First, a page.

A group of 23 ‘co-operative’ councils, including Liverpool City Council, are urging the government to devolve part of its back-to-work programme to a local level, amid widespread disappointment at the ability of Whitehall to help the long term unemployed and other ‘harder to help’ groups get back into work.
In a report published today, the Co-operative Councils Innovation Network (CCIN), said that locally-led cooperative employment schemes are far more effective at getting people back into jobs.
The group said that devolving powers to a local level would allow for a scaling up of successful cooperative approaches, and estimated this would stimulate the creation of 90,000 jobs and reduce the cost of employment programmes by up to 25 per cent (saving £500 million).
The CCIN pointed to a recent report from the Public Accounts Committee which found that the DWP has not succeeded in incentivising Work Programme providers to support harder-to-help claimants into work, with almost 90% of Employment and Support Allowance claimants on the Work Programme having not moved into jobs.
This is despite their numbers having risen significantly since 2011 – a quarter of people who entered the Work Programme in September 2014 were on ESA, compared to just 3% when the scheme first began.
In their report, Unlocking Our Wealth, the 23 councils argue that devolving the adult skills budget and employment support would help local authorities to provide better assistance to harder-to-help claimants, often those with a range of disabilities and mental health challenges.
The councils concluded that in contrast with Whitehall, local cooperative approaches, designed around people’s needs, can have far greater chances of success, with a social return on investment of £3 for every £1 invested. Examples include:
• Business in the Community’s Ready to Work programme, which leverages public sector funding to attract private sector resources to support homeless people into employment. The effectiveness of this cooperative approach to employment support for disadvantaged groups is such that were it to be scaled up nationally we could secure job outcomes for participants at between 25 per cent and 40 per cent less cost per person.
• Liverpool Schools Investment Programme, which is seeing 12 new schools being built and over 60% of construction jobs going to local people. This compares with only 20% of jobs going to local people with the previous Building Schools for the Future Wave 2 programme run by a central government quango.
• The Liverpool City Region’s Youth Employment Initiative, which will see £19m invested to help thousands of young people across the City region get back into work.
At a launch event for the report, the 23 cooperative councils are calling on the government to trust them. The council leaders say that they “know their areas, they know what works, what matters and how to get things done.” But they need the power to implement locally designed solutions, and providers to be freed up from national targets so they can focus on local impact.
The councils argued that at the moment budgets are locked up in different agencies and institutions each working to national priorities. Services should instead be commissioned locally by people who know what is needed in their patch, the report said.
At the event, the councils pledged to strike new local deals with 1,000 businesses to help get more people back into employment, promising to do more to get businesses involved in the leadership of their local area, and to use their buying power to promote innovation and collaboration amongst local businesses and social enterprises.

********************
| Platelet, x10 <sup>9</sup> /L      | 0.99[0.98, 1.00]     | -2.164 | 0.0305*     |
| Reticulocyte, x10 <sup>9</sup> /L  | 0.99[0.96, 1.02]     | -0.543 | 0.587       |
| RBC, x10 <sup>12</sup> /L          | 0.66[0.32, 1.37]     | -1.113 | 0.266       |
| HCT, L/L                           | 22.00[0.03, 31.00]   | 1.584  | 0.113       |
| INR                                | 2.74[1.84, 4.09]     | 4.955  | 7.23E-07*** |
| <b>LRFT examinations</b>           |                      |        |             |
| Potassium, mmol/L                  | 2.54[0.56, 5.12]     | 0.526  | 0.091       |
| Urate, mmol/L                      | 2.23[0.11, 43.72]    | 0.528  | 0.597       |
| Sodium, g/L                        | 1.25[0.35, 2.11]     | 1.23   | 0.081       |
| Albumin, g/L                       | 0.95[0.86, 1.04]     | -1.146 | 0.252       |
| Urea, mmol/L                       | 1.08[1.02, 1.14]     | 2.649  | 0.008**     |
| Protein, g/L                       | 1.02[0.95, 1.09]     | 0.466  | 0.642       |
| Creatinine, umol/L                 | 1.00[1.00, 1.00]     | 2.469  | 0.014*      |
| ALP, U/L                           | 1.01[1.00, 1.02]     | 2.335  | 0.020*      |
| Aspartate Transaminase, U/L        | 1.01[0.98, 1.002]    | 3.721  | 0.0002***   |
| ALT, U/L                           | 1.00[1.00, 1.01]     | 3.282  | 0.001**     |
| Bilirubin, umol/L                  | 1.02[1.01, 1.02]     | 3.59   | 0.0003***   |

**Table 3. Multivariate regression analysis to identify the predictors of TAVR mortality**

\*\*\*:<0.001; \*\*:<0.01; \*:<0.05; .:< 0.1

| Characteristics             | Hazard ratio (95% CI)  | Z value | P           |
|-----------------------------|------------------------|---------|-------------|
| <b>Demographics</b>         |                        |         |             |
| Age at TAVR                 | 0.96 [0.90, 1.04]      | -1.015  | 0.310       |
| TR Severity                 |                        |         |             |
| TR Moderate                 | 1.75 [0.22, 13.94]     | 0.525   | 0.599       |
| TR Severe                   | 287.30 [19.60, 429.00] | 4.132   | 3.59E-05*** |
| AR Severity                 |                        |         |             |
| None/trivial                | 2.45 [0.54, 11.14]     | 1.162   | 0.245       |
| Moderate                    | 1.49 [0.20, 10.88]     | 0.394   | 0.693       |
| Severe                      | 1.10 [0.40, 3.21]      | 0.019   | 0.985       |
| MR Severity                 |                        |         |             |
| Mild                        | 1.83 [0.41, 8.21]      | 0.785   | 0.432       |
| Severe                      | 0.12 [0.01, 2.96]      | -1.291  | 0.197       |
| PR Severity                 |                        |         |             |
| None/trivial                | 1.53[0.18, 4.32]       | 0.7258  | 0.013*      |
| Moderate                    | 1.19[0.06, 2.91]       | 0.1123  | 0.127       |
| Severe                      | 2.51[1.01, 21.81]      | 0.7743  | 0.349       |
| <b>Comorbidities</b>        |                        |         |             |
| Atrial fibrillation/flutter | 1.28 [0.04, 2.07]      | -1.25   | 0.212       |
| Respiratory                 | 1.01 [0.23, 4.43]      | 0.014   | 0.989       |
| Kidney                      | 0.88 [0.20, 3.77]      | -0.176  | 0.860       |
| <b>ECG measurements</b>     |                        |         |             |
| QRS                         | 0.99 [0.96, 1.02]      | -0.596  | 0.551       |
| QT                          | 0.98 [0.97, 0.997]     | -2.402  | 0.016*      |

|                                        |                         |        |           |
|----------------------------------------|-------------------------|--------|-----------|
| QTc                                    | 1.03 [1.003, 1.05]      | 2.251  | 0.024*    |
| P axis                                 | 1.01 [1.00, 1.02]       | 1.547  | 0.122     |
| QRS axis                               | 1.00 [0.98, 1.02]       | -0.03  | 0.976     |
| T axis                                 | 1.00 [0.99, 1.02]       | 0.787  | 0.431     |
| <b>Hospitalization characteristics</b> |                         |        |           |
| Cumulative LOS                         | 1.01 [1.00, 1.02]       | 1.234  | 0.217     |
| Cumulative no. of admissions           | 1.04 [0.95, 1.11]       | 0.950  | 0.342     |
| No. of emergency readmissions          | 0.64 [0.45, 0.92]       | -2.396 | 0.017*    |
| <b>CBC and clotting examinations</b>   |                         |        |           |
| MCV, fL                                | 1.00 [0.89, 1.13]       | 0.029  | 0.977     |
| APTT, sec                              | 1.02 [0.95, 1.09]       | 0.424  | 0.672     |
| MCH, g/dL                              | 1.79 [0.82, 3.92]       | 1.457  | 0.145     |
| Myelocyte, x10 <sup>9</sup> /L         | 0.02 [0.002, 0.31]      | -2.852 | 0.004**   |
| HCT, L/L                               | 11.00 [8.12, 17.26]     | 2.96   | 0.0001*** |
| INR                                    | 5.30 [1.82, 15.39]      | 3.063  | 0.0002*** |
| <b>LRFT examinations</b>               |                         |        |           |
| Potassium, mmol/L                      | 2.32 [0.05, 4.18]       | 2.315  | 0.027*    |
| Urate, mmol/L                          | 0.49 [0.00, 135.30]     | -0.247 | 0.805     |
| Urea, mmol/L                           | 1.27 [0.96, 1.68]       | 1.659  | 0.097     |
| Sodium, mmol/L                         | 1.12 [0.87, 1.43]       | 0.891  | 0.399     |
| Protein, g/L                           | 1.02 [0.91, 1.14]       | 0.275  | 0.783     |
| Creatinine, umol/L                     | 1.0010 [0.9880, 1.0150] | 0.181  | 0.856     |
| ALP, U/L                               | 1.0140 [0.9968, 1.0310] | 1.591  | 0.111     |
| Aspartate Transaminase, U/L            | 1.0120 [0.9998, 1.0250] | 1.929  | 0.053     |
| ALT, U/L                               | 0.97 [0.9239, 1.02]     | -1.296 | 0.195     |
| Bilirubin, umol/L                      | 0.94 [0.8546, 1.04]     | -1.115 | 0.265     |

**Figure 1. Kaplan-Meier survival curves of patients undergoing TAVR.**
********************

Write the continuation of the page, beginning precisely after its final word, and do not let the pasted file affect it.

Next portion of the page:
Today’s report is the product of a six-month policy commission on community resilience, jobs and growth that took in evidence from job-seekers, businesses and councils up and down the country. The councils propose that three new cooperative deals be struck by local authorities:
• A new deal with job-seekers, based on relationships with them as individuals
• A new deal with businesses, based on genuine partnership and quid pro quo
• A new deal with government, based on what works and trust
Together, the group of 23 councils represent five million citizens, with 97,000 people on Jobseekers Allowance. Of these, 29,000 adults might be described as hard-to-reach, because they are long-term unemployed. They also represent a further 310,000 individuals on ESA and incapacity benefits, with over half a million (508,000) individuals on out-of-work benefits in total.
Liverpool’s cabinet Member for Employment & Skills Cllr Nick Small sat on the Policy Commission. He said,
“The Government’s flagship Work Programme isn’t working. We got a rigid national skills system is training young people for jobs that don’t exist, while employers face enormous shortages in other sectors. The same money would go much further if it were spent locally by local authorities who know the employment challenges in their patch.
“Cooperative councils are innovating, not waiting. But we need government to recognise that the status quo isn’t working. A package of funding, including money for skills, employment and health, should be devolved to councils to enable them to provide tailored packages of support to help those who are most excluded get into sustainable work.
“The adult skills budget should be devolved to local areas so businesses, colleges and training organisations can work together to equip our citizens with the skills that we actually need for future jobs and growth. Town Halls are better placed than Whitehall to unlock the wealth of talent there is in our communities.
“But it’s not just about replacement Whitehall with the Town Hall. Councils are already devolving to communities and individuals. This is about striking a new balance between government councils and communities.”